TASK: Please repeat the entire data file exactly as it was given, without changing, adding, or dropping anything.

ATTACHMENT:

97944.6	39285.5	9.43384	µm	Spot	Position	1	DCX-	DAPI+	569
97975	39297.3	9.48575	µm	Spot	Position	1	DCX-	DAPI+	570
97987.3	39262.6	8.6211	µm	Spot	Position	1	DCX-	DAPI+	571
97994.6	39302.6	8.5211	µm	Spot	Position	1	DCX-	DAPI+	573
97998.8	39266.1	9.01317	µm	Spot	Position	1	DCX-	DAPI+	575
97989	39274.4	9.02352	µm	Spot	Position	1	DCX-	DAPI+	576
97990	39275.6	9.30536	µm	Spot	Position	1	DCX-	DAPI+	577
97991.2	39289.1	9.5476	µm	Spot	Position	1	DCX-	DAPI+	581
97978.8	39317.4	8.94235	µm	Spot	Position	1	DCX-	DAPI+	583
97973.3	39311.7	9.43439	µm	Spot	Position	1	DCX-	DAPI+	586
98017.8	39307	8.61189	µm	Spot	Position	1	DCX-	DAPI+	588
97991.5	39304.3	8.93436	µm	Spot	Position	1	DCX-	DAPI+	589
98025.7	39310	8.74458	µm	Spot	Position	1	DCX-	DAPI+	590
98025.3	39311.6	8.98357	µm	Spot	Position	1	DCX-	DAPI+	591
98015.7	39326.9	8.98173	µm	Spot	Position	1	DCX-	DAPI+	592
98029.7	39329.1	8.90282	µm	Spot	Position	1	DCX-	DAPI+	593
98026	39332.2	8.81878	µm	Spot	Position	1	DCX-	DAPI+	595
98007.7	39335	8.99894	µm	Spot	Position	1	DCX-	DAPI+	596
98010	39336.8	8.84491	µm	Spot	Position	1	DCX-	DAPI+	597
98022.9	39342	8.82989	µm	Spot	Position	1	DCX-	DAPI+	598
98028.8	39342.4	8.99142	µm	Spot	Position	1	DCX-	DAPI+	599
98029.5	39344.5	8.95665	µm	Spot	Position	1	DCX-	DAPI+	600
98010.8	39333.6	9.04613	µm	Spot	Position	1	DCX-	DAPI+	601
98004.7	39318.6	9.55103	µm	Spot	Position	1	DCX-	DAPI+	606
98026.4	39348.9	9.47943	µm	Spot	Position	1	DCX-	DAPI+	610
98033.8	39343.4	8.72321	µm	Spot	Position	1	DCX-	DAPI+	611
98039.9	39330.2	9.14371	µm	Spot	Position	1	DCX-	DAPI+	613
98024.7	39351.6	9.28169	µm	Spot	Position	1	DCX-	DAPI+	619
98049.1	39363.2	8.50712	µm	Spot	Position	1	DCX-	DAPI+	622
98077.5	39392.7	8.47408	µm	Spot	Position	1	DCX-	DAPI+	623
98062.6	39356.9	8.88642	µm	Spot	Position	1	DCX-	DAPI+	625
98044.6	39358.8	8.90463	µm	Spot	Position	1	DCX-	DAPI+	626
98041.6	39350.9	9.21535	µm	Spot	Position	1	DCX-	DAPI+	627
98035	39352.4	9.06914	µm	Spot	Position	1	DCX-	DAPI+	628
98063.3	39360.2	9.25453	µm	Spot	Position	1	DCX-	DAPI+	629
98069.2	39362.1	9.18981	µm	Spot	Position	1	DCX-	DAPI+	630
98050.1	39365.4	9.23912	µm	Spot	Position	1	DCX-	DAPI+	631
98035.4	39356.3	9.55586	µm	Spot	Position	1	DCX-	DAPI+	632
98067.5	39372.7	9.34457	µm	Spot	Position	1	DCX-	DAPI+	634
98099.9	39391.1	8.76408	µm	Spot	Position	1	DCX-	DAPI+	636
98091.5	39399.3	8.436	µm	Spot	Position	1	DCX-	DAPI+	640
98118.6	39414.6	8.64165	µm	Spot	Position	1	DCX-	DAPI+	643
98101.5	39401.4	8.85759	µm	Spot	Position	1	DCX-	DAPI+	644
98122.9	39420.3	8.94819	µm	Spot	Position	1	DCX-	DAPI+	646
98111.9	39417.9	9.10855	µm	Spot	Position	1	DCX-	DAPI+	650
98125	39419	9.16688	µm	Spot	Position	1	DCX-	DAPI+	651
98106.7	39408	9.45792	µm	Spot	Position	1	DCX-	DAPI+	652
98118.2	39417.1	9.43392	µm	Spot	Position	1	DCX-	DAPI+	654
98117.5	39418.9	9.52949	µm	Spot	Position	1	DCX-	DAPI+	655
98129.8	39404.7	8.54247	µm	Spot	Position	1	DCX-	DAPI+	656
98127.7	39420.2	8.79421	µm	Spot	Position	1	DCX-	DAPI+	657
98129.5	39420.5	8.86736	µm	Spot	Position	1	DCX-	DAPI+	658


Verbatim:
97944.6	39285.5	9.43384	µm	Spot	Position	1	DCX-	DAPI+	569
97975	39297.3	9.48575	µm	Spot	Position	1	DCX-	DAPI+	570
97987.3	39262.6	8.6211	µm	Spot	Position	1	DCX-	DAPI+	571
97994.6	39302.6	8.5211	µm	Spot	Position	1	DCX-	DAPI+	573
97998.8	39266.1	9.01317	µm	Spot	Position	1	DCX-	DAPI+	575
97989	39274.4	9.02352	µm	Spot	Position	1	DCX-	DAPI+	576
97990	39275.6	9.30536	µm	Spot	Position	1	DCX-	DAPI+	577
97991.2	39289.1	9.5476	µm	Spot	Position	1	DCX-	DAPI+	581
97978.8	39317.4	8.94235	µm	Spot	Position	1	DCX-	DAPI+	583
97973.3	39311.7	9.43439	µm	Spot	Position	1	DCX-	DAPI+	586
98017.8	39307	8.61189	µm	Spot	Position	1	DCX-	DAPI+	588
97991.5	39304.3	8.93436	µm	Spot	Position	1	DCX-	DAPI+	589
98025.7	39310	8.74458	µm	Spot	Position	1	DCX-	DAPI+	590
98025.3	39311.6	8.98357	µm	Spot	Position	1	DCX-	DAPI+	591
98015.7	39326.9	8.98173	µm	Spot	Position	1	DCX-	DAPI+	592
98029.7	39329.1	8.90282	µm	Spot	Position	1	DCX-	DAPI+	593
98026	39332.2	8.81878	µm	Spot	Position	1	DCX-	DAPI+	595
98007.7	39335	8.99894	µm	Spot	Position	1	DCX-	DAPI+	596
98010	39336.8	8.84491	µm	Spot	Position	1	DCX-	DAPI+	597
98022.9	39342	8.82989	µm	Spot	Position	1	DCX-	DAPI+	598
98028.8	39342.4	8.99142	µm	Spot	Position	1	DCX-	DAPI+	599
98029.5	39344.5	8.95665	µm	Spot	Position	1	DCX-	DAPI+	600
98010.8	39333.6	9.04613	µm	Spot	Position	1	DCX-	DAPI+	601
98004.7	39318.6	9.55103	µm	Spot	Position	1	DCX-	DAPI+	606
98026.4	39348.9	9.47943	µm	Spot	Position	1	DCX-	DAPI+	610
98033.8	39343.4	8.72321	µm	Spot	Position	1	DCX-	DAPI+	611
98039.9	39330.2	9.14371	µm	Spot	Position	1	DCX-	DAPI+	613
98024.7	39351.6	9.28169	µm	Spot	Position	1	DCX-	DAPI+	619
98049.1	39363.2	8.50712	µm	Spot	Position	1	DCX-	DAPI+	622
98077.5	39392.7	8.47408	µm	Spot	Position	1	DCX-	DAPI+	623
98062.6	39356.9	8.88642	µm	Spot	Position	1	DCX-	DAPI+	625
98044.6	39358.8	8.90463	µm	Spot	Position	1	DCX-	DAPI+	626
98041.6	39350.9	9.21535	µm	Spot	Position	1	DCX-	DAPI+	627
98035	39352.4	9.06914	µm	Spot	Position	1	DCX-	DAPI+	628
98063.3	39360.2	9.25453	µm	Spot	Position	1	DCX-	DAPI+	629
98069.2	39362.1	9.18981	µm	Spot	Position	1	DCX-	DAPI+	630
98050.1	39365.4	9.23912	µm	Spot	Position	1	DCX-	DAPI+	631
98035.4	39356.3	9.55586	µm	Spot	Position	1	DCX-	DAPI+	632
98067.5	39372.7	9.34457	µm	Spot	Position	1	DCX-	DAPI+	634
98099.9	39391.1	8.76408	µm	Spot	Position	1	DCX-	DAPI+	636
98091.5	39399.3	8.436	µm	Spot	Position	1	DCX-	DAPI+	640
98118.6	39414.6	8.64165	µm	Spot	Position	1	DCX-	DAPI+	643
98101.5	39401.4	8.85759	µm	Spot	Position	1	DCX-	DAPI+	644
98122.9	39420.3	8.94819	µm	Spot	Position	1	DCX-	DAPI+	646
98111.9	39417.9	9.10855	µm	Spot	Position	1	DCX-	DAPI+	650
98125	39419	9.16688	µm	Spot	Position	1	DCX-	DAPI+	651
98106.7	39408	9.45792	µm	Spot	Position	1	DCX-	DAPI+	652
98118.2	39417.1	9.43392	µm	Spot	Position	1	DCX-	DAPI+	654
98117.5	39418.9	9.52949	µm	Spot	Position	1	DCX-	DAPI+	655
98129.8	39404.7	8.54247	µm	Spot	Position	1	DCX-	DAPI+	656
98127.7	39420.2	8.79421	µm	Spot	Position	1	DCX-	DAPI+	657
98129.5	39420.5	8.86736	µm	Spot	Position	1	DCX-	DAPI+	658